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Philip K. Dick Biography, Life, Interesting Facts

Author

Philip K. Dick

Birthday :

December 16, 1928

Died On :

March 2, 1982

Also Known For :

Novelist

Birth Place :

Chicago, Illinois, United States Of America

Zodiac Sign :

Sagittarius


Childhood and Early Life

American science-fiction writer Philip K. Dick was born on the 16 December 1928 in Chicago, Illinois. He was born prematurely and had a fraternal twin, Jane Charlotte Dick. Jane survived for only six weeks. His father, of Irish descent, was Joseph Edgar Dick and his mother was Dorothy Kindred.

He was raised in San Francisco, and when he was a child, his parents divorced, and his father moved to Nevada. A custody battle ensued, and his mother won custody of her son. When he was seven, his mother moved with her son to Washington, D.C. In the late 1930s, he returned to California with his mother.







Education

Philip K. Dick was a pupil at John Eaton Elementary School between 1936 and1938 and later graduated from Berkeley High School, California (1947). He enrolled at the University of California in Berkeley (1949-1950) but did not obtain a degree.




Rise to Fame

Philip K. Dick became interested in storytelling at a young age and in his preteen years began reading science fiction stories. Between 1948 and 1952, he worked at a record shop but had already started writing science fiction. In 1953, one of his stories The Defenders was published in the January edition of Galaxy Science Fiction. The same year his story The World She Wanted was published in Science Fiction Quarterly. Both stories were cover stories. His first novel Solar Lottery was released in 1954.

Career

In 1962, Philip K. Dick won an award for his novel The Man In The High Castle and during the 1960s and 1970s established a substantial readership within the science fiction genre. Publications included Do Androids Dream of Electric Sheep, and Flow My Tears The Policeman Said. The Valis Trilogy was a watershed in his writing with Dick claiming that outside forces had influenced his writing. He called these contacts Valis.

His mystical experience occurred in early 1974, and he described it as an invasion of his mind by a transcendentally rational mind. The experience inspired him to record future experiences and thoughts in a journal which he called Exegesis. Dick went on to publish over 35 novels and six collections of short stories. His final novel, The Transmigration of Timothy Archer, was published posthumously in 1982.






Legacy

In the decades since his death, Philip K. Dick's work has increased in popularity and left its mark on popular culture. Dick’s writings that have been adapted for films include Blade Runner, A Scanner Darkly, Minority Report, Total Recall, and The Adjustment Bureau. The Philip K. Dick estate is the owner of Electric Shepherd Productions. The Philip K. Dick Award is a Science Fiction genre award presented annually by Norwescon and sponsored by the Philadelphia Science Fiction Society and supported by the Philip K. Dick Trust.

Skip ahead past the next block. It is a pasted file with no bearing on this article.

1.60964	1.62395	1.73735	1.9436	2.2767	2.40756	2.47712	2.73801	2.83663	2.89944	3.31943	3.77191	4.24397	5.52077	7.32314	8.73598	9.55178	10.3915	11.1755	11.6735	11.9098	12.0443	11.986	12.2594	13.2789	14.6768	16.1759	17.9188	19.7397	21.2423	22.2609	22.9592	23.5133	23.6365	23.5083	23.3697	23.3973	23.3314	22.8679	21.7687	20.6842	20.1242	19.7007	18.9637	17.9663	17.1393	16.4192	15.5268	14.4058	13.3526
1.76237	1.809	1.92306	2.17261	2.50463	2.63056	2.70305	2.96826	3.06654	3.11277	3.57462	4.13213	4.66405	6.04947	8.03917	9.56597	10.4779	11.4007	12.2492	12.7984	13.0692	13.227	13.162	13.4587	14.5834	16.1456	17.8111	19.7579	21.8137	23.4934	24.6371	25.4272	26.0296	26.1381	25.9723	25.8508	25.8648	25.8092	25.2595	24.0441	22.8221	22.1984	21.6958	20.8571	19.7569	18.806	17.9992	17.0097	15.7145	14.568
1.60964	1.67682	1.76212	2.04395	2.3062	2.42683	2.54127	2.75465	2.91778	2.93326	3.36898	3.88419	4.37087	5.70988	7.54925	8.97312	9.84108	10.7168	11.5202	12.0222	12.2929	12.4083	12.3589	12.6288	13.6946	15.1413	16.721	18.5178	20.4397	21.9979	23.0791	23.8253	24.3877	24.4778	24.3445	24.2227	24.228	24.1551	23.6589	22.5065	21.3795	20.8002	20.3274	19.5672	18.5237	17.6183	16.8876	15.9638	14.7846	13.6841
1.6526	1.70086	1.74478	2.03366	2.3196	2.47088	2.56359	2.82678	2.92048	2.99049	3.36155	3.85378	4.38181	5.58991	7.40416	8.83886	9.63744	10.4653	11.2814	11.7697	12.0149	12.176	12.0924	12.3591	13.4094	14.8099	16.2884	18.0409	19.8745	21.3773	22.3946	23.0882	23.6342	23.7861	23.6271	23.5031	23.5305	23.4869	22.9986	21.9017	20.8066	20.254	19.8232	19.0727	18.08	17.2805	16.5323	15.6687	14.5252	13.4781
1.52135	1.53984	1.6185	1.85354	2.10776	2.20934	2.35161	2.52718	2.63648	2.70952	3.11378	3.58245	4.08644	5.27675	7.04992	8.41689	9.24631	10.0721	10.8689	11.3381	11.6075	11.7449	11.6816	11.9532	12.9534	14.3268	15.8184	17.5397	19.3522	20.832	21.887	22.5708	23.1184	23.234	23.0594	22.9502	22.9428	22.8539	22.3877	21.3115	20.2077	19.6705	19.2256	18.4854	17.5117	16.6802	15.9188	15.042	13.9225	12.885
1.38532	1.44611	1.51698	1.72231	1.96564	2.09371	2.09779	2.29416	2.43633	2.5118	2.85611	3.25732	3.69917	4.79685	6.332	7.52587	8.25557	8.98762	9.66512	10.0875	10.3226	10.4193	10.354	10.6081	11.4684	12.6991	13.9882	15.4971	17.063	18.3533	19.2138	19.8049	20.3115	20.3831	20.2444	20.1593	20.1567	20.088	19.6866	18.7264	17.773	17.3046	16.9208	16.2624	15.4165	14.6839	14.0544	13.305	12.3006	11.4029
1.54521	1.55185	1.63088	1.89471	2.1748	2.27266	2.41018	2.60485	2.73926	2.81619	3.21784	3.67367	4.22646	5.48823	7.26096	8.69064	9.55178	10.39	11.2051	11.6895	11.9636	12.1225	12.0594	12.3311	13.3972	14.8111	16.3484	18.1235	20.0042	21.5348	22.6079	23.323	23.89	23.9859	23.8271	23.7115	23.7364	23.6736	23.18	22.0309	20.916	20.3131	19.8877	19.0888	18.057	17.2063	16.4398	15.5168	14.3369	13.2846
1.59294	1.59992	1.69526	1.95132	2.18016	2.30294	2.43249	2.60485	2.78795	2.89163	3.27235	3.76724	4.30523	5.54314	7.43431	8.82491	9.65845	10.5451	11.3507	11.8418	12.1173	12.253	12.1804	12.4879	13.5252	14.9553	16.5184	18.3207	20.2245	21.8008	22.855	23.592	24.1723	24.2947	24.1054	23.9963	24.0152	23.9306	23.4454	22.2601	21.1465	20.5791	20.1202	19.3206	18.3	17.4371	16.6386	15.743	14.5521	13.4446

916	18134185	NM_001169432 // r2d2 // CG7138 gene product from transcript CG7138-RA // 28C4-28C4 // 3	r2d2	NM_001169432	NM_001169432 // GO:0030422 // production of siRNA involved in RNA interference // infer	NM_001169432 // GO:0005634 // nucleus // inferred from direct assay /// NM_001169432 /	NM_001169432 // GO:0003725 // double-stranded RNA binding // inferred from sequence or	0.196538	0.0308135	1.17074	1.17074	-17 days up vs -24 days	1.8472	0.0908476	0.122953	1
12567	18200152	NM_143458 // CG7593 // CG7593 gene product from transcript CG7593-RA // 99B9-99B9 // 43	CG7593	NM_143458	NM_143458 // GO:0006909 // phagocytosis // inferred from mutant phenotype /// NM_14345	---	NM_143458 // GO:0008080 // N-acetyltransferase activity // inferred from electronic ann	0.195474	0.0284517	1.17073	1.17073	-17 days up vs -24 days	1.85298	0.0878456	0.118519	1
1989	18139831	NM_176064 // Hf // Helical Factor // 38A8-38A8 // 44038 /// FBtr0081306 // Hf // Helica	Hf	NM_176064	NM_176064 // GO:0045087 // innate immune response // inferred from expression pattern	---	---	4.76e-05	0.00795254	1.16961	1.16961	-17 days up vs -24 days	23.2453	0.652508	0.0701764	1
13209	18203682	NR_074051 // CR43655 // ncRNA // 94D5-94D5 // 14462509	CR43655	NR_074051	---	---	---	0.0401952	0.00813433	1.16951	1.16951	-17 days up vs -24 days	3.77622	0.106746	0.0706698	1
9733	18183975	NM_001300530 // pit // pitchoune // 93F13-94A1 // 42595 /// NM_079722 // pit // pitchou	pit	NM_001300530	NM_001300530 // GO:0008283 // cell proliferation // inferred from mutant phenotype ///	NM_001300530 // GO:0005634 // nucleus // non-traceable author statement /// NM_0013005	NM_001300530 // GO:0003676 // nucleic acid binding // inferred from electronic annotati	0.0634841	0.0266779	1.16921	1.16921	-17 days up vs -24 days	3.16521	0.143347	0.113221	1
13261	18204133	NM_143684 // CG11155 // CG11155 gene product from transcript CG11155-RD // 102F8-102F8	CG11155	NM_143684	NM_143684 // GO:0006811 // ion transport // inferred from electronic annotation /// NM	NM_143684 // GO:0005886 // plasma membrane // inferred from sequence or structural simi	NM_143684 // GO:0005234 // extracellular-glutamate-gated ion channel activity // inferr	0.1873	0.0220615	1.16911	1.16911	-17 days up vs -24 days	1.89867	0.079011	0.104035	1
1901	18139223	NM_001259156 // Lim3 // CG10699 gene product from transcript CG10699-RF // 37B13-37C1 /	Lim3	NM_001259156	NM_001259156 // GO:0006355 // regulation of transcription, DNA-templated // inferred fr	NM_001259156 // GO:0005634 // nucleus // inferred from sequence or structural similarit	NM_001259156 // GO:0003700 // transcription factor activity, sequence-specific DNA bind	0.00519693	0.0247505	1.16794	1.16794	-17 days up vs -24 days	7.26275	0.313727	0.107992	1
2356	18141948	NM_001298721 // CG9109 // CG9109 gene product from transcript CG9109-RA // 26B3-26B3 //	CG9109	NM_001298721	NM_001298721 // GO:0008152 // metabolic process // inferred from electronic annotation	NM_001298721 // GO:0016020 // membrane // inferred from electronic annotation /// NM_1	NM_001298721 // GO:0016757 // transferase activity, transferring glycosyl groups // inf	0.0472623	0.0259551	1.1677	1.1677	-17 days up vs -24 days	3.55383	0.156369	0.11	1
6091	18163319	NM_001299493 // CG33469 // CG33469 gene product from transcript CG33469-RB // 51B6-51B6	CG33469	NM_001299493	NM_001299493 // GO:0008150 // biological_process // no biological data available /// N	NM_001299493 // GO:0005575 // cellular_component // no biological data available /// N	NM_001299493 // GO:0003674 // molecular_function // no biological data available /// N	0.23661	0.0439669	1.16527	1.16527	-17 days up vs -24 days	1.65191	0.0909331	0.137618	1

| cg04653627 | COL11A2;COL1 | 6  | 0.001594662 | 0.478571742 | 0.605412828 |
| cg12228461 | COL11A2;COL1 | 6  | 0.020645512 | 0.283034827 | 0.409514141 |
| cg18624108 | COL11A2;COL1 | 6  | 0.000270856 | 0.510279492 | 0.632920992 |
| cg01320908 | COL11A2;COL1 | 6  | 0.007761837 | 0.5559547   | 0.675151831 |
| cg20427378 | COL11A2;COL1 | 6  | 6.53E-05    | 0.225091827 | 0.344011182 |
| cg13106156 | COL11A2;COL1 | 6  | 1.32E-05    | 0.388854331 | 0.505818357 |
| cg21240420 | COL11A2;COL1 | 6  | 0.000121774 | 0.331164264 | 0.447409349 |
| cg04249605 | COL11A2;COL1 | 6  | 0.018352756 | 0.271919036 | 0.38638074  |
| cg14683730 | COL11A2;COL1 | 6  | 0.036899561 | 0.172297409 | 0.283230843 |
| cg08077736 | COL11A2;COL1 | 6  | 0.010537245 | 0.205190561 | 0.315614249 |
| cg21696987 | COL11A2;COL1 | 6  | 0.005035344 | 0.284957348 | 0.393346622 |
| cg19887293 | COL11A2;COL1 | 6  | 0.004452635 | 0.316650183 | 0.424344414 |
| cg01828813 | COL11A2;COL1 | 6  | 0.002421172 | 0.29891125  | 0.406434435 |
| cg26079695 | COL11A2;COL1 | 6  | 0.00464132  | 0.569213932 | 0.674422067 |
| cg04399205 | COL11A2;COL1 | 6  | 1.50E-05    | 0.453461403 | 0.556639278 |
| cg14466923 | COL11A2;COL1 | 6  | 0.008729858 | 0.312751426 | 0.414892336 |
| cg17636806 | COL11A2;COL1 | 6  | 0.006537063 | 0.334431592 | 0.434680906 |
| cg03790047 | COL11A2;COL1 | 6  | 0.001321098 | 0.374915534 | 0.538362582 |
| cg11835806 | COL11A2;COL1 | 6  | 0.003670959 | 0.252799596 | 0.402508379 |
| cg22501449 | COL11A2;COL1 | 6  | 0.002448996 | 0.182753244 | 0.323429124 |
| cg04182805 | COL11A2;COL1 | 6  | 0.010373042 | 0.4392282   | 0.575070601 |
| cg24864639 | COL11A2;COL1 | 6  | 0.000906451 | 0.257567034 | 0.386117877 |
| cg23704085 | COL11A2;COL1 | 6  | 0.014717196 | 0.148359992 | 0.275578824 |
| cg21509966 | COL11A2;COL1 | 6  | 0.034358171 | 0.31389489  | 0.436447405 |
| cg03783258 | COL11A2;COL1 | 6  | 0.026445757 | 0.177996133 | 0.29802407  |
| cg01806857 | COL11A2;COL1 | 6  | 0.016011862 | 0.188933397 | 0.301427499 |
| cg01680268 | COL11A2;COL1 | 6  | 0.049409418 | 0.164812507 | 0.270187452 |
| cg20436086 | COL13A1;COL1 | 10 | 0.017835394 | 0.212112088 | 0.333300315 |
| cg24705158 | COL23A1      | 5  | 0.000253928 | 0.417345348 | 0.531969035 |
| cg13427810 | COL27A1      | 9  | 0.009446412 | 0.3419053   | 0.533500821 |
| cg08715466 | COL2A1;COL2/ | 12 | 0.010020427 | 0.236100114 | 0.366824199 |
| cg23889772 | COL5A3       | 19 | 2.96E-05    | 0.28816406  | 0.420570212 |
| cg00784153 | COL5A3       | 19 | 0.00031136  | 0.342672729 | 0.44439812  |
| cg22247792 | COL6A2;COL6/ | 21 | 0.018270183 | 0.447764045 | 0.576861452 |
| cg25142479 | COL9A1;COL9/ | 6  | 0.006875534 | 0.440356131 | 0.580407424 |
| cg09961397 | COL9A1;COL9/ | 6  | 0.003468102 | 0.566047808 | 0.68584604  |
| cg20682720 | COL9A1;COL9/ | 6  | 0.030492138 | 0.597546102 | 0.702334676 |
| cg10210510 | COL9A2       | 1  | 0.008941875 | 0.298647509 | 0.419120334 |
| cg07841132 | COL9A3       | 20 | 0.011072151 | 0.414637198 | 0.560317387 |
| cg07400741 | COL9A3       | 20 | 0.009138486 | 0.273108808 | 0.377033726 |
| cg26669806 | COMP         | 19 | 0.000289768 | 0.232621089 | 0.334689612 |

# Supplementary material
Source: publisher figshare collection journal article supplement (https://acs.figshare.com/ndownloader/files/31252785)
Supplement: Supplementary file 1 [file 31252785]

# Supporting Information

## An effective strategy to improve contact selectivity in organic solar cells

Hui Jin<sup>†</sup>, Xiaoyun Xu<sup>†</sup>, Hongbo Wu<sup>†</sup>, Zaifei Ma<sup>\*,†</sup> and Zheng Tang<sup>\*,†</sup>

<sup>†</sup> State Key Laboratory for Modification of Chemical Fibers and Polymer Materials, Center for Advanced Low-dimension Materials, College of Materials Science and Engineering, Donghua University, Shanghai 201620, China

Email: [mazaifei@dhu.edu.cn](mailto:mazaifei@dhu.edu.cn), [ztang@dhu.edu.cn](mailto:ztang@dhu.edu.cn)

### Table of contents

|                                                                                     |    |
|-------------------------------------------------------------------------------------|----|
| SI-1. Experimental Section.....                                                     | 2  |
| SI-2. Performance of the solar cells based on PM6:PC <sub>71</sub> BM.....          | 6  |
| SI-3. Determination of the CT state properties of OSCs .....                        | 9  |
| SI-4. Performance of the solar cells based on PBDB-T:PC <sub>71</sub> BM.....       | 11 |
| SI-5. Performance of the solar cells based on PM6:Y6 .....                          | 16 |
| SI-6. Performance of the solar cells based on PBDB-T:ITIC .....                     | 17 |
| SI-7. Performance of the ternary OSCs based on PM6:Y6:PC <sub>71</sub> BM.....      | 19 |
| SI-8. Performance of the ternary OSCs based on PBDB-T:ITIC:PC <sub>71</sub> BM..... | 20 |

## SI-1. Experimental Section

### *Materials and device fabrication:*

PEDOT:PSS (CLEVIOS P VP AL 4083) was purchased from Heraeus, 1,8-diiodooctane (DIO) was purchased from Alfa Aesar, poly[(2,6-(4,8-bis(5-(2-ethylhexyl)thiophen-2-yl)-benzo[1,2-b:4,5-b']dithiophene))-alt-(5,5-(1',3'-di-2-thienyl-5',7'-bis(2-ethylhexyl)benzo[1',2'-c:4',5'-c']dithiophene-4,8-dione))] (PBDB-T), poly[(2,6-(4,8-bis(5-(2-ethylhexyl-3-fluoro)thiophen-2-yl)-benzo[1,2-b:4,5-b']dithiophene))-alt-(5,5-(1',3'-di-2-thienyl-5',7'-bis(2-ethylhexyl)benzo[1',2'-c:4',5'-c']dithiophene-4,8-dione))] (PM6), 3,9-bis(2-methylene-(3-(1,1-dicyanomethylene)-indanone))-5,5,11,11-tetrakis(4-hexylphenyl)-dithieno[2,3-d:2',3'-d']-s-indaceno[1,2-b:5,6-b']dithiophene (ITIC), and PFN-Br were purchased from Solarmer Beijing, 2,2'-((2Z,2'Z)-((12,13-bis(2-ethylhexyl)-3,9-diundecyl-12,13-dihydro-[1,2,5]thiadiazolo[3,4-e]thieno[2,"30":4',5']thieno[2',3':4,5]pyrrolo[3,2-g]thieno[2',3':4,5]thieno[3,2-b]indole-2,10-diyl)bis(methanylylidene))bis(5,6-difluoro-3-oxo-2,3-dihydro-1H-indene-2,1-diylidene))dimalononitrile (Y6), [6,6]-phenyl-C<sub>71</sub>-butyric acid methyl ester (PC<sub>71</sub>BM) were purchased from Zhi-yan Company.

Awards and Achievements

Philip K. Dick was the 1963 recipient of the Hugo Award for The Man in the High Castle. Other awards include the 1975 John W. Campbell Memorial Award: Best Novel for Flow My Years, the Policeman Said. The 1978 British Science Fiction Association Award: Best Novel for A Scanner Darkly and the 1979 Graoully d’Or for A Scanner Darkly. In 2005, Dick was inducted into the Science Fiction Hall of Fame.

Health and Diseases

As the age of 7, Philip K. Dick developed an eating disorder. He was placed in a special school and diagnosed as a potential schizophrenic. In the mid-1960s, he began using methamphetamines as well as LSD and wrote about it in The Shifting Realities of Philip K. Dick. Methamphetamines remained an issue throughout his life.

Personal Life

Philip K. Dick was married five times. His first marriage to Jeanette Marlin lasted a matter of months ( 1948-November 1948), He then married Kleo Apostolides (1950-1959), Anne Williams Rubenstein (1959-1965), Nancy Hackett (1966-1972) and Leslie Busby (1973-1977). Dick had three children, Laura (b.1960), Isolde (b.1967) and Christopher (1973).

His personal life was troubled at times. His third wife claimed he had tried to push her car off a cliff; he said that she was trying to kill him and had her involuntarily institutionalised. He lived with Grania Davis in the mid-1960s and attempted to suicide in a motor vehicle with her as a passenger.

At age 53, on the 2 March 1982, Philip K. Dick died from complications from a stroke. His ashes are buried next to his twin sister Jane in Riverside Cemetery, Fort Morgan, Colorado. A biography about his life Dick, Divine Invasions: A Life of Philip K. Dick by Lawrence Smith was published in 1989.


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